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Back to Haunted Places Review Menu

Day 1 | Day 2 | Day 3 | Day 4 | Day 5 | Day 6 | Day 7 | Day 8

HauntedIllinois.com - Haunted Illinois goes on a supernatural tour of Ireland

Day 3:

After grabbing some breakfast, we all met outside the hotel entrance. The Elizabethan-style façade of the building made a perfect backdrop for a group photo. After posing for a picture or two, inspiration struck. Someone (I can't remember who) suggested a great idea for another group picture, so we all walked down near the road, for a group shot next to the “Mental Health Inpatient Services” sign. Since we had walked so far away from the hotel, Daithi drove down to pick us up. We all piled on the bus, to prepare for our day’s journey.

While the bags were being rearranged in the luggage compartment of the bus, something amazing happened. The wheelchair that was stowed down below fell out of the luggage compartment and landed squarely on its wheels. It then proceeded to roll straight down the sloped hotel entrance road, more than 50 feet, just as if it had been guided by some supernatural force! It probably would have rolled out into the street, if Edd hadn’t chased it down. It was unbelievable, since the wheelchair was folded flat, in accordion fashion. I don’t see how it was possible for it to stay upright on its wheels, then roll all that way, straight as an arrow! Was it being controlled by the ghost of a lunatic asylum patient, who was trying to escape??? I guess we'll never know.

Clarion Hotel Group Picture
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Mental Health Facility Group Picture
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After taking our group photos, we got back on the bus, to head to our next destination. In transit, Richard Felix gave us an update about something interesting he had found out, when he talked to the staff of the Clarion Hotel the night before. The hotel, which was built in the height of the potato famine in 1847, was sitting on top of a graveyard of sorts. While the building was being constructed, a number of the workers died and were buried underneath where the hotel now stands!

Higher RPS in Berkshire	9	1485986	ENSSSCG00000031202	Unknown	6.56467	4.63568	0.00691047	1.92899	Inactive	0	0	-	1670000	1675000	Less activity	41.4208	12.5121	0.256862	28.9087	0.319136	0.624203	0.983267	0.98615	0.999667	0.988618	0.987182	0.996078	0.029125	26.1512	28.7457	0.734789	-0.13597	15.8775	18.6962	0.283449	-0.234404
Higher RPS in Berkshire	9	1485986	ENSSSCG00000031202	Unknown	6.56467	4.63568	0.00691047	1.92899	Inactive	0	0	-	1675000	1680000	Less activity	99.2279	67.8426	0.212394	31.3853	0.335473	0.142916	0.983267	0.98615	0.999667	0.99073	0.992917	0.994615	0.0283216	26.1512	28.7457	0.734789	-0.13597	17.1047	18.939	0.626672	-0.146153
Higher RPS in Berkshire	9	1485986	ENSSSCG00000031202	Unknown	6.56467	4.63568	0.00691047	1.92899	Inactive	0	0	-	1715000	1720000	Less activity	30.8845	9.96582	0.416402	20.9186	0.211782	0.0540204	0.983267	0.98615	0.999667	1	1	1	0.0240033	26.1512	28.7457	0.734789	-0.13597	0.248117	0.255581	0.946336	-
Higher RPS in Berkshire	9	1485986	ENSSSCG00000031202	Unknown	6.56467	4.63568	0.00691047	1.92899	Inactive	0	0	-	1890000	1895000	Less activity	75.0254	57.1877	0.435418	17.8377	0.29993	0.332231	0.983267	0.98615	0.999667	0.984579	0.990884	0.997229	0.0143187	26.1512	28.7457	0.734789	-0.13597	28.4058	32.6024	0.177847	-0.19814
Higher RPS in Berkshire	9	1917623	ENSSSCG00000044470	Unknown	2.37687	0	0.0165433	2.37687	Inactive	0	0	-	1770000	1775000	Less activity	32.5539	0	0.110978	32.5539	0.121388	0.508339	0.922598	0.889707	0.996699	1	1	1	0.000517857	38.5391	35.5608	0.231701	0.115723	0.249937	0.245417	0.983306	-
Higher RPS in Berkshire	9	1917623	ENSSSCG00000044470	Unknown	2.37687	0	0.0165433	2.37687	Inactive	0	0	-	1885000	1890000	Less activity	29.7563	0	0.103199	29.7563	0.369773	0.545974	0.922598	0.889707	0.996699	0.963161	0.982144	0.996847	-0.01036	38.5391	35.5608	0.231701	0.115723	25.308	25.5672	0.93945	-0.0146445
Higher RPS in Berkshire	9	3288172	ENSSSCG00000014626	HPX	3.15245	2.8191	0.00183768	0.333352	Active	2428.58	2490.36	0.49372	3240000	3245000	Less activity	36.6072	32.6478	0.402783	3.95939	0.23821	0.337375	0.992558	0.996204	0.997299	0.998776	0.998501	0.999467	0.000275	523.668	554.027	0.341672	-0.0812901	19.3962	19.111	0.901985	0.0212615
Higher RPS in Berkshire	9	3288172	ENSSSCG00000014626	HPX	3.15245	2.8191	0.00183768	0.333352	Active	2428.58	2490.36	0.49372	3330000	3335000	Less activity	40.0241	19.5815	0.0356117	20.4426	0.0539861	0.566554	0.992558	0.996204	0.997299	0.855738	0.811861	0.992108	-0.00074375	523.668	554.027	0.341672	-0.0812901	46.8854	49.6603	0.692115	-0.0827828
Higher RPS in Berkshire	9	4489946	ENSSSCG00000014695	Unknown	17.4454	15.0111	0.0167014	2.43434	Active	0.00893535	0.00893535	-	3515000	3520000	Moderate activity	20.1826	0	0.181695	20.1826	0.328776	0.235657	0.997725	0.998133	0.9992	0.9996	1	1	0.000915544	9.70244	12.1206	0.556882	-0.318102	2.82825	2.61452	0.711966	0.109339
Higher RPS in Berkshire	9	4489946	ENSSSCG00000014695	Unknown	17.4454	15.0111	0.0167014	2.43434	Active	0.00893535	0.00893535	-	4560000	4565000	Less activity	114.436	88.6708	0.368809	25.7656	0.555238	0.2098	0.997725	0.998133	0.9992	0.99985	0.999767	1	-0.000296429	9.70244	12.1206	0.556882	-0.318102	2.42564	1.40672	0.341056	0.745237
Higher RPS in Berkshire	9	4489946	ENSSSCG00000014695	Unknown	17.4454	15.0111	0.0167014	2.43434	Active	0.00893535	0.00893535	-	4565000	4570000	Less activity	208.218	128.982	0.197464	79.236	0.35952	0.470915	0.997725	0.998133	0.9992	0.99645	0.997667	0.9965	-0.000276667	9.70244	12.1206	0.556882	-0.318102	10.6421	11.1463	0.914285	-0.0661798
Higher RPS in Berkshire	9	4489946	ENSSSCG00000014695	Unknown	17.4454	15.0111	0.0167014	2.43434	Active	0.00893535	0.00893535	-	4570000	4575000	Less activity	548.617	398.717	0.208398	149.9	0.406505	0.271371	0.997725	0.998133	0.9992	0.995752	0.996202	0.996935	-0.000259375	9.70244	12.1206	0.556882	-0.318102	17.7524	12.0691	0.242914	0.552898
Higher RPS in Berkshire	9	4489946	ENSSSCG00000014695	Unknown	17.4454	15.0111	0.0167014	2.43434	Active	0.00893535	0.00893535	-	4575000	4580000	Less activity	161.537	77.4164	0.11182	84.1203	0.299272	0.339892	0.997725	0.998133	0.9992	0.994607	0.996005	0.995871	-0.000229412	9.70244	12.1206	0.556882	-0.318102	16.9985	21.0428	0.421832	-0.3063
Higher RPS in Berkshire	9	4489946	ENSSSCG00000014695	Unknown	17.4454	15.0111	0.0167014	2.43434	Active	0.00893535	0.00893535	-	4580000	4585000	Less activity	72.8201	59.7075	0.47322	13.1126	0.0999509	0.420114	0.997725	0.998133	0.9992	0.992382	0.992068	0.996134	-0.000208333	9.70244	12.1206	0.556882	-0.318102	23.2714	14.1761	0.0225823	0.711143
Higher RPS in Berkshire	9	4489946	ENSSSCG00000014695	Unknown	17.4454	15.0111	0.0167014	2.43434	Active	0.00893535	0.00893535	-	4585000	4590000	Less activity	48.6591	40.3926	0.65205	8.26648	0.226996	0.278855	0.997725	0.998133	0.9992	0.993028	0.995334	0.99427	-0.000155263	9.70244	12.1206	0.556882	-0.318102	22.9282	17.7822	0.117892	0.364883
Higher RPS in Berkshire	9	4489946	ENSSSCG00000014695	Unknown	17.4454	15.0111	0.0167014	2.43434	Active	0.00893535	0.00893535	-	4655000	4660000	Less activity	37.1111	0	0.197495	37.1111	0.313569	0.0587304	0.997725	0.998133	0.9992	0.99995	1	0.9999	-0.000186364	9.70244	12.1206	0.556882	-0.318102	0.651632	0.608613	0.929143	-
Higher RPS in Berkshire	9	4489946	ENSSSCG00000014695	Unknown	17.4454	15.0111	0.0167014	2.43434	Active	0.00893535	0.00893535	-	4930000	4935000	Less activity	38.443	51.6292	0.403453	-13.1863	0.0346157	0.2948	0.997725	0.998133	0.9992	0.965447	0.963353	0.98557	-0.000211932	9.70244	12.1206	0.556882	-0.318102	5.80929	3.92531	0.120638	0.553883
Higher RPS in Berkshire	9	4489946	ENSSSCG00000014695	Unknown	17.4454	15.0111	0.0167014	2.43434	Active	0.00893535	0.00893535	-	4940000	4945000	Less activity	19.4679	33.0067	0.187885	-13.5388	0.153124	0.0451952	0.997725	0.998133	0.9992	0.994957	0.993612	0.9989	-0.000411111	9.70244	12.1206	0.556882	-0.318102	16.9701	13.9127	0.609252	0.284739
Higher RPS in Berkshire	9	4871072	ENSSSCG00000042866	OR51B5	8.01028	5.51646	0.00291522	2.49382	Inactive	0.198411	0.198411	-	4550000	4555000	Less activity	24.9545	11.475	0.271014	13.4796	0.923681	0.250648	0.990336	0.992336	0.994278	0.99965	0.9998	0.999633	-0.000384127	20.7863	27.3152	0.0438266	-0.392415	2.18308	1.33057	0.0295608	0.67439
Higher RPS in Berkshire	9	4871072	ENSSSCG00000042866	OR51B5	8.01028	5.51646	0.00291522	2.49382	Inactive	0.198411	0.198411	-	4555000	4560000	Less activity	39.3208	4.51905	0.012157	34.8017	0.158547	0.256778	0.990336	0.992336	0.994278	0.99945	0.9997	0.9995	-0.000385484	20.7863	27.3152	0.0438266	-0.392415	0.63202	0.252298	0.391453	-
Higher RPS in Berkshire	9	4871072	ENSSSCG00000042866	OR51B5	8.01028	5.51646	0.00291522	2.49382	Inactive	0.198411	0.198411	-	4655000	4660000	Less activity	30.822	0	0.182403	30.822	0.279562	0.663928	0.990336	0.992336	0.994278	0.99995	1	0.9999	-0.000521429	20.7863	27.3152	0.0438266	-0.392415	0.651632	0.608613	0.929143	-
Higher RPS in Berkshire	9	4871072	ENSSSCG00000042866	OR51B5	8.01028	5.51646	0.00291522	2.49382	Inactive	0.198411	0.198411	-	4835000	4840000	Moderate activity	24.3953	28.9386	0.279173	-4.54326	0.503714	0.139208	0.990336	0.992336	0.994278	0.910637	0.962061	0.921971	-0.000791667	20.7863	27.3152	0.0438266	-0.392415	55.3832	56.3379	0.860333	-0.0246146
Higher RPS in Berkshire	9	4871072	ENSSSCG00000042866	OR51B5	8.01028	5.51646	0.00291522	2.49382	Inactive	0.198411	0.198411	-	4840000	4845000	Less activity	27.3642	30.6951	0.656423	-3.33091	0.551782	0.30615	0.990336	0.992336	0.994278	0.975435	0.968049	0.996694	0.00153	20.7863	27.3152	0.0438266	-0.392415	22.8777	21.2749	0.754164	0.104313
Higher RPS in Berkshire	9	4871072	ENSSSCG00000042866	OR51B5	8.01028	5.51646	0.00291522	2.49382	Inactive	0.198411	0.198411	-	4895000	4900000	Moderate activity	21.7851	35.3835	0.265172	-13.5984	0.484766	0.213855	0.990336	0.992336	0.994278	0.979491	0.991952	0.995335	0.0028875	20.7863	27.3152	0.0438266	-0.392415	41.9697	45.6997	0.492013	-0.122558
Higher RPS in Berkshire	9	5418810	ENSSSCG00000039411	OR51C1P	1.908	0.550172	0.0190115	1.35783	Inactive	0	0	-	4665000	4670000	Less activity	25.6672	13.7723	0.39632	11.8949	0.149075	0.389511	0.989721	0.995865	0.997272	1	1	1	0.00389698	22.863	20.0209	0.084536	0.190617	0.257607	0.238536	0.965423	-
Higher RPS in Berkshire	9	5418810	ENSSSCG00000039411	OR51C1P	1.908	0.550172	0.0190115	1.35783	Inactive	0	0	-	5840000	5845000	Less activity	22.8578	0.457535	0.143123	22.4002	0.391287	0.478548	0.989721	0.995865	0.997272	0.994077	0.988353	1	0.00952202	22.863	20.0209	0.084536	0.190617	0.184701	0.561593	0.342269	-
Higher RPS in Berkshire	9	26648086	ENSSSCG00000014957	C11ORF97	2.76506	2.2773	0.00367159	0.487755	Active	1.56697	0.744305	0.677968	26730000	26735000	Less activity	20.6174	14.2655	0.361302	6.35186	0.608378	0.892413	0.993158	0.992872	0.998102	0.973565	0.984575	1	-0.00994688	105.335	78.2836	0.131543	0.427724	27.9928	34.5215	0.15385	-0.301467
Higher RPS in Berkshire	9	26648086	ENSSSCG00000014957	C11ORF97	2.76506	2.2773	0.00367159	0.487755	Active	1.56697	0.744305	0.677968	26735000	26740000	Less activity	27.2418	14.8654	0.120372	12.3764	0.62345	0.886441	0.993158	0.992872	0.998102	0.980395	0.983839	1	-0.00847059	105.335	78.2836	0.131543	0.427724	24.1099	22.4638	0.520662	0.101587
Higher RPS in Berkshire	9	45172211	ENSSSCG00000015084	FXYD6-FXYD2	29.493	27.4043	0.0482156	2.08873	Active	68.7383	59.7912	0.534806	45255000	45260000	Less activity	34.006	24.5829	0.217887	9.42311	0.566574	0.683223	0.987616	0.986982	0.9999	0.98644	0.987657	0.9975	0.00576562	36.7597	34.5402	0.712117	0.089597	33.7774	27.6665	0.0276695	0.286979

Our next stop was Sligo Abbey, in the city of Sligo. This was another attraction where we were able to use our OPW Heritage Cards for admission.

Originally called the Dominican Friary of Sligo, it was built in 1253 and founded by Maurice Fitzgerald. Sligo Abbey was used throughout history as a burial place for prominent families in the region.

Over the years, the Abbey had taken a lot of abuse. During a period of political unrest, the Abbey was burned by a massive fire in 1414. It was soon restored, though, by Friar Bryan McDonagh. It was severely damaged again in the Tyrone War of 1595 and yet again in the Ulster Uprising of 1641.

In an attempt to fix the damage that had been done, major restoration efforts began in the mid 1800’s. Only partial remains of the 13th century church still exist, including the North & South walls of the choir, the North wall of the nave and some parts of the sacristy and chapter house. Today, it remains a protected historical landmark in Ireland.

One interesting factoid is that Sligo has ties to the famous author Bram Stoker. His mother, Catherine Stoker, was originally from Sligo. According to historical documents, the stories that she told her son about her experiences during the cholera epidemic in 1832 ended up being inspiration for Bram Stoker’s famous novel “Dracula”. During that horrible time in history, an average of 50 people died every day. It got so out of control that they ran out of wood for coffins and out of desperation, bodies were dumped into mass graves. There were so many bodies to process that proper medical checks where not always performed and some people were even buried alive.

We were given a very informative guided tour, then we were allowed to wander around and explore the Abbey on our own. Richard Felix followed up with the staff and he found out that there wasn’t an abundance of supernatural activity at the Abbey. There was only one ghost that they were aware of. His name was James. According to the staff, someone had defiled his gravestone by scratching off his name and ever since, his ghost has been seen late at night, wandering around the grounds of the Abbey.

Sligo Abbey

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On The Road In Ireland

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While in County Sligo, our bus stopped at the Carrowmore Megalithic Cemetery. Megalithic cemeteries/tombs are burial chambers that are built above ground. They are constructed of large stone slabs, covered with layers of earth or smaller stones. Ireland has a recorded 1,500 of these megalithic structures.